Three ways coronavirus is impacting Charlotte transit
More than a month into local stay-at-home orders and the shutdown of large parts of Charlotte’s economy, one area is clearly feeling the impact: public transit.
As might be expected, ridership numbers have plummeted, both as a result of workers staying home and the Charlotte Area Transit System reducing hours.
Transit agencies around the nation are dealing with similar impacts. The Washington Metropolitan Transit Authority is closing one of its lines and some stations, while New York is facing a shortfall of billions of dollars and contemplating reduced service and deferred maintenance.
The crisis comes at a critical time for Charlotte. The Charlotte region is in the midst of formulating its first regional transit plan, and CATS is planning a new, east-west light rail line that’s sure to cost billions. Now, CATS, like other agencies, is facing prolonged uncertainty about not just how long the shutdowns will last, but whether people feel safe riding again when they’re lifted.
The Metropolitan Transit Commission, CATS’ oversight body, had its first meeting Wednesday since the crisis started, revealing some new details about the impact of the crisis on operations and finances. Here are three areas where COVID-19 is having an impact:
Since cutting back to a mostly Saturday schedule, CATS has been running buses and trains much less frequently. Although CATS expects to ramp service back up when the stay-at-home order lifts, that’s going to be a gradual process.
Right now, CATS is operating 1,856 hours of bus service per weekday. Trains are running every 20 minutes. By October, CATS hopes to increase bus service 16 percent, focused on improving frequency in its core routes, and get the time between trains down to 15 minutes.
In February 2021, CATS could increase bus service another 18 percent, focused on express and secondary routes, and bring the time between trains down to 9 minutes (that’s its goal for normal weekday operation).
Bus service would return to full, weekday levels (2,767 hours of service a day) by June 2021.
That’s particularly tough given that increasing bus frequency has been a major focus for CATS chief executive officer John Lewis’s strategy to increase ridership. More than half of CATS’ bus routes (which carry the majority of riders) still have wait times of 45 minutes or more.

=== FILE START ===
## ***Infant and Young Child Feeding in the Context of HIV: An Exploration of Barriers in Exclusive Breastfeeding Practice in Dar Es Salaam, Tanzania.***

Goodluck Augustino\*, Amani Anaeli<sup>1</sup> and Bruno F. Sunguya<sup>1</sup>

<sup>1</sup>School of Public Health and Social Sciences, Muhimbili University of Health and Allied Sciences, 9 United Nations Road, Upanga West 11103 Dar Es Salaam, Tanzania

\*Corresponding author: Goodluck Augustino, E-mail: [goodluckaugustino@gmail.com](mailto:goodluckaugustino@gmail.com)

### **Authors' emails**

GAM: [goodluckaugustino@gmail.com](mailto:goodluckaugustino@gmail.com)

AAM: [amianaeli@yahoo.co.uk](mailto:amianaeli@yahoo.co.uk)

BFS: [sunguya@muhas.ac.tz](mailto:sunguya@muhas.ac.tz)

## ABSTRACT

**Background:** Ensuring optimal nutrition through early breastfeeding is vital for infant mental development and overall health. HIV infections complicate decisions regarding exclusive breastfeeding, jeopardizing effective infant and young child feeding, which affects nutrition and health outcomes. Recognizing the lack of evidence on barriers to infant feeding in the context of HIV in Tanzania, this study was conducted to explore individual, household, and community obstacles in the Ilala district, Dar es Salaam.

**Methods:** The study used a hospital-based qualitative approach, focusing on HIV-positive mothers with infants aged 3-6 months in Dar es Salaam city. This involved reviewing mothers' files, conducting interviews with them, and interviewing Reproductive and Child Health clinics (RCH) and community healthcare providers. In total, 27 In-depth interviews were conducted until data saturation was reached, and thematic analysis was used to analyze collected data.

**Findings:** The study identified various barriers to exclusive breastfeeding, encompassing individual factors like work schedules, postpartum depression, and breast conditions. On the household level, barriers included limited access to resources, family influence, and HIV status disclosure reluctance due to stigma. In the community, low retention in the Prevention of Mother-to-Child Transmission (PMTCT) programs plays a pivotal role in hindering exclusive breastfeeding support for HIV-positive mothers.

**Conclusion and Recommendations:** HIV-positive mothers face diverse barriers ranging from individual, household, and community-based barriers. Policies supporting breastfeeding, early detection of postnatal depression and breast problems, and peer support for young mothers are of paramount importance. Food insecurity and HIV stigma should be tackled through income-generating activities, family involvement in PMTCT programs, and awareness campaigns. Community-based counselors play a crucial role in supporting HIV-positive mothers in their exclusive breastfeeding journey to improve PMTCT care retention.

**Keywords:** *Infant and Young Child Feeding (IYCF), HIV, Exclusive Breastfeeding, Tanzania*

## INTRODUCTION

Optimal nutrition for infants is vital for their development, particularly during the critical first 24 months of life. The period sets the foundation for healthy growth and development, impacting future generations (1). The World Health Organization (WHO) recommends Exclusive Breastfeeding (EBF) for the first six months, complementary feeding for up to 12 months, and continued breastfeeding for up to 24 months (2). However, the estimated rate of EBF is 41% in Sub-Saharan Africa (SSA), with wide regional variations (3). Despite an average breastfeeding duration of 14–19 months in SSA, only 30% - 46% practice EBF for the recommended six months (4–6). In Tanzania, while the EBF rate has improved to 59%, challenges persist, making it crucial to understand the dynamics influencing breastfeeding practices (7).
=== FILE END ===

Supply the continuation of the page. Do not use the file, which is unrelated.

Most obviously, fewer people are riding transit in Charlotte — a lot fewer. Every service CATS operates saw fewer people on board in March compared to the same month last year: 25% fewer local bus riders, 41% fewer on regional express buses, 49% fewer on local express buses and 37% fewer on the light rail.
And that’s just March. Mecklenburg County’s stay-at-home order didn’t go into effect until March 26. April’s declines are sure to be much steeper. For the full fiscal year, CATS is projecting an 11 percent decline.
CATS has suspended fare collection, to keep both riders and drivers safe by removing the need for them to linger at the front of buses. Combined with a decrease in half-cent local sales tax revenue (which makes up the biggest chunk of transit funding), that’s expected to hit the system’s bottom line.
Fares are expected to go down by about $4 million, to just under $26 million. Sales tax receipts are expected to fall from $109 million in fiscal year 2020 to $106 million in fiscal year 2021.
At the same time, the system is seeing increased costs for everything from a 5% hazard pay premium for operators to increased deep cleaning and sanitization of its vehicles.
But the federal aid package should give CATS about $57 million to replace lost revenue, Lewis told the MTC. And he expects to reinstate fares soon after Gov. Roy Cooper lifts the statewide stay-at-home order, which has been extended to May 8. The MTC voted to recommend the proposed CATS $176 million operating budget for next year, and Lewis told the group that the transit agency is still on sound financial footing.